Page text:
13 Quotes by Black Women on Survival and Critical Self-Preservation

by Altheria Gaston In her essay titled “Sin, Nature, and Black Women’s Bodies,” Delores S. Williams writes about “spirit breakers” or “Ne...

by Altheria Gaston

In her essay titled “Sin, Nature, and Black Women’s Bodies,” Delores S. Williams writes about “spirit breakers” or “Negro breakers,” those who were hired by slave owners to break the spirit of slaves who seemed to be too confident, too uppity, and too independent. The sole purpose of these “spirit breakers” was to put slaves in their place and to convince them that their status as mere property would never change.

It would seem that the repeated offenses against Black women (and other women of color) serve what is perhaps a similar yet unintended purpose—to break the spirit of advocates and activists working towards equity and social justice. Those with broken spirits may be discouraged, hopeless, and just plain tired. The writers of The Combahee River Collective Black Feminist Statement articulate this point:
The psychological toll of being a Black woman and the difficulties this presents in reaching political consciousness and doing political work can never be underestimated. There is a very low value placed upon Black women's psyches in this society, which is both racist and sexist.
Since we can’t depend on others to uplift and encourage us, we must do so ourselves. I offer you these quotes on self-preservation and survival to do exactly that—uplift and encourage.

Audre Lorde in Oberlin College Commencement Address, 1989

“To face the realities of our lives is not a reason for despair—despair is a tool of your enemies. Facing the realities of our lives gives us motivation for action. For you are not powerless… You know why the hard questions must be asked. It is not altruism, it is self-preservation—survival.”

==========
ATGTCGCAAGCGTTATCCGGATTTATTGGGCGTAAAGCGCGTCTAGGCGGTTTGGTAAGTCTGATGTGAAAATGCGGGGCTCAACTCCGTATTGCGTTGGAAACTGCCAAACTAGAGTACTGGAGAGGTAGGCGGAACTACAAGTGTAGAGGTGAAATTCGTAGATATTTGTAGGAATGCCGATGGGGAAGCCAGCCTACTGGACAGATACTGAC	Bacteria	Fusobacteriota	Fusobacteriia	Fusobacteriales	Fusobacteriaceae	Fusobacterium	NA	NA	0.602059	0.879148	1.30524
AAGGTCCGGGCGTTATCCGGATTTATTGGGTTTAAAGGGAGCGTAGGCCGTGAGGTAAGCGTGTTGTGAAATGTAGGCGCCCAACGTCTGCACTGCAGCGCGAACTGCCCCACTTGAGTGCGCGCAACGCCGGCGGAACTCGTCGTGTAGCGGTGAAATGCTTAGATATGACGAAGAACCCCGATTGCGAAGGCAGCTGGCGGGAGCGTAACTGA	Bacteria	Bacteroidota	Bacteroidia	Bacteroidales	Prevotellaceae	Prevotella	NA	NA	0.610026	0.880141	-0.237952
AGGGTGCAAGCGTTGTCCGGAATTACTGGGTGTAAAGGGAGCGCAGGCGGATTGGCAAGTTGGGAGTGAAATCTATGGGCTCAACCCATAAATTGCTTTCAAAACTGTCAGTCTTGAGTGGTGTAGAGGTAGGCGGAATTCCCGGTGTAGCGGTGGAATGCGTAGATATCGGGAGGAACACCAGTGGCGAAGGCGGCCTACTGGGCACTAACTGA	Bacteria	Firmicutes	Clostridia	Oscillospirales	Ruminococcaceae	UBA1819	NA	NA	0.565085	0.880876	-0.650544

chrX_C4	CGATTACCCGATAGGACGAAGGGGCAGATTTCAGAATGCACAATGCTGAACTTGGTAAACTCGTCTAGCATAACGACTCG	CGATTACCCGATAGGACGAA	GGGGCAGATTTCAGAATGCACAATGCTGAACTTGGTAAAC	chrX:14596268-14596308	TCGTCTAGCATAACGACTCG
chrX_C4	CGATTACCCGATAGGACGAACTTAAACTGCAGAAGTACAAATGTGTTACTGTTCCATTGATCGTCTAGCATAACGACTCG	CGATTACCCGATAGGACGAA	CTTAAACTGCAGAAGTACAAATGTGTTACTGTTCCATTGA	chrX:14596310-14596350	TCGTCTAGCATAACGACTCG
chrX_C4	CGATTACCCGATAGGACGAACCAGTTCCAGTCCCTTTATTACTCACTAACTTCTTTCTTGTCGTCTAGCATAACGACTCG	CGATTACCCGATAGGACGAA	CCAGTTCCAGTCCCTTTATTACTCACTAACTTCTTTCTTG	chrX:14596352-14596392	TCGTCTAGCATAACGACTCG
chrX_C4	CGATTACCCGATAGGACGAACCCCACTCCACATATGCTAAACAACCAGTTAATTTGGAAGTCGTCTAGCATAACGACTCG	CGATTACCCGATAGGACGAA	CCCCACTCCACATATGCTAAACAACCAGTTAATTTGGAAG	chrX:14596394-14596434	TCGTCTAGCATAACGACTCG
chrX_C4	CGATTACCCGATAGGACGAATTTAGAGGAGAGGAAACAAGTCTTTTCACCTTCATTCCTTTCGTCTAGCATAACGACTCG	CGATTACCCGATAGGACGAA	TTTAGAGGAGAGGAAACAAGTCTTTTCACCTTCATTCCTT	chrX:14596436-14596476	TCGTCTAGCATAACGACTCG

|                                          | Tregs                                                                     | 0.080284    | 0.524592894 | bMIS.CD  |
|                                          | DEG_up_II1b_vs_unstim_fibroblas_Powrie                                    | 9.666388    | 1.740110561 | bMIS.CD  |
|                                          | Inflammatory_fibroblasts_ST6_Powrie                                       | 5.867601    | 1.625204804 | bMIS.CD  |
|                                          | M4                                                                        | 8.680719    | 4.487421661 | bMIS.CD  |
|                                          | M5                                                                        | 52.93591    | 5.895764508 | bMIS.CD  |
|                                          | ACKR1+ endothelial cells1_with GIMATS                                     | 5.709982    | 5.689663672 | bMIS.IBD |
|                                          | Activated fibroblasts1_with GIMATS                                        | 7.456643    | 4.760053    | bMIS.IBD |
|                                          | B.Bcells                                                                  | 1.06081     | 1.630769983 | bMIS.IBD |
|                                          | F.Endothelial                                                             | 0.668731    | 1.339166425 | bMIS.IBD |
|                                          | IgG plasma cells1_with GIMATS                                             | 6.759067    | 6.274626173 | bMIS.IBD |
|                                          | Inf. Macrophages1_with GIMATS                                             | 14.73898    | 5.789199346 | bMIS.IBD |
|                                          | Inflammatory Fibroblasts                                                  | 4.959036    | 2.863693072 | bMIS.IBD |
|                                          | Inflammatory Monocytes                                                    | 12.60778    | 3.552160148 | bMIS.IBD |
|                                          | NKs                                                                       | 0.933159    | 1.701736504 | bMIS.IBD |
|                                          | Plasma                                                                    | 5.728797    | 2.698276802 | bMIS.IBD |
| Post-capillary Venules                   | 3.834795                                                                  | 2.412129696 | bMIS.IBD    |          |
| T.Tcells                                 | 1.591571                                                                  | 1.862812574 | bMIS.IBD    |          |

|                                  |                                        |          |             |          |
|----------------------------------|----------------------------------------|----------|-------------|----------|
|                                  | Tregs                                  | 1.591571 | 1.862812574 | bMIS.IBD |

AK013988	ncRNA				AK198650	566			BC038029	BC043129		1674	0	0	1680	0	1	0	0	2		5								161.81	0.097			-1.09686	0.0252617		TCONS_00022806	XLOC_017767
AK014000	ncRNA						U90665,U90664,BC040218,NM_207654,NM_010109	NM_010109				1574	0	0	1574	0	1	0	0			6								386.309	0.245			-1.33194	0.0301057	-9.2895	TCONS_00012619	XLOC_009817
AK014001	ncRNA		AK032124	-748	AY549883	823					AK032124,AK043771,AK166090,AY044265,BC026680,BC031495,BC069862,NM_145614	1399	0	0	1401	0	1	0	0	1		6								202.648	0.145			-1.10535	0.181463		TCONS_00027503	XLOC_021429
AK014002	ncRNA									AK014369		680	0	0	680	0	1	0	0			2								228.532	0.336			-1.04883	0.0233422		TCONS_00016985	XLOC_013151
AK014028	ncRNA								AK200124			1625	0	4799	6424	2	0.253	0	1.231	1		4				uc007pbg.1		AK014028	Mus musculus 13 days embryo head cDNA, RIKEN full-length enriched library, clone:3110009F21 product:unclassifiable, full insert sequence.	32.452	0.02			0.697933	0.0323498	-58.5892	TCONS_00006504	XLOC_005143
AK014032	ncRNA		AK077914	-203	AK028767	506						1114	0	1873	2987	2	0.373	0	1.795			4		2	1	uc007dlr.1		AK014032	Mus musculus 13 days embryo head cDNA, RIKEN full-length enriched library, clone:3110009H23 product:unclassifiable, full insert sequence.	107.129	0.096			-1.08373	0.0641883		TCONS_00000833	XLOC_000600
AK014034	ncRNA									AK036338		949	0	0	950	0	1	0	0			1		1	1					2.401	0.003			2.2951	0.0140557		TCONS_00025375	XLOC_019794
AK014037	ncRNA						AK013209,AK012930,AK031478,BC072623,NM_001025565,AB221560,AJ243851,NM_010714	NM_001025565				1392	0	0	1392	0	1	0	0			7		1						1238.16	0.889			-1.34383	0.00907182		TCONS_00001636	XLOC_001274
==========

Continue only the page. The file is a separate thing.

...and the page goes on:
Sherley Anne Williams in “Surviving the Blight,” 1988

“And when we (to use Alice Walker’s lovely phrase) go in search of our mothers’ gardens, it’s not really to learn who trampled on them or how or even why—we usually know that already. Rather, it’s to learn what our mothers planted there, what they thought as they sowed, and how they survived the blighting of so many fruits.”

Elizabeth Alexander in “Praise Song for the Day,” 2009

“Some live by love thy neighbor as thyself / others by first do no harm or take no more than you need. / What if the mightiest word is love?

Love beyond marital, filial, national, / love that casts a widening pool of light, / love with no need to pre-empt grievance.

In today’s sharp sparkle, this winter air, anything can be made, any sentence begun. On the brink, on the brim, on the cusp, / praise song for walking forward in that light.”

Melissa Harris-Perry in Sister Citizen, 2011

“Sisters are more than the sum of their relative disadvantages: they are active agents who craft meaning out of their circumstances and do so in complicated and diverse ways.”

Angela Y. Davis in an interview with Jennifer Byrne, 1999

“Well of course I get depressed sometimes, yes I do. But at the same time these changes never take place overnight. They always require protracted struggles and I can look back at my life and add all of the struggles I’ve been involved in, and I can see that we made a difference. We really did make a difference.”

Audre Lorde in A Burst of Light, 1988

“Caring for myself is not self-indulgence, it is self-preservation, and that is an act of political warfare.”

Patricia Hill Collins in Black Feminist Thought, 1990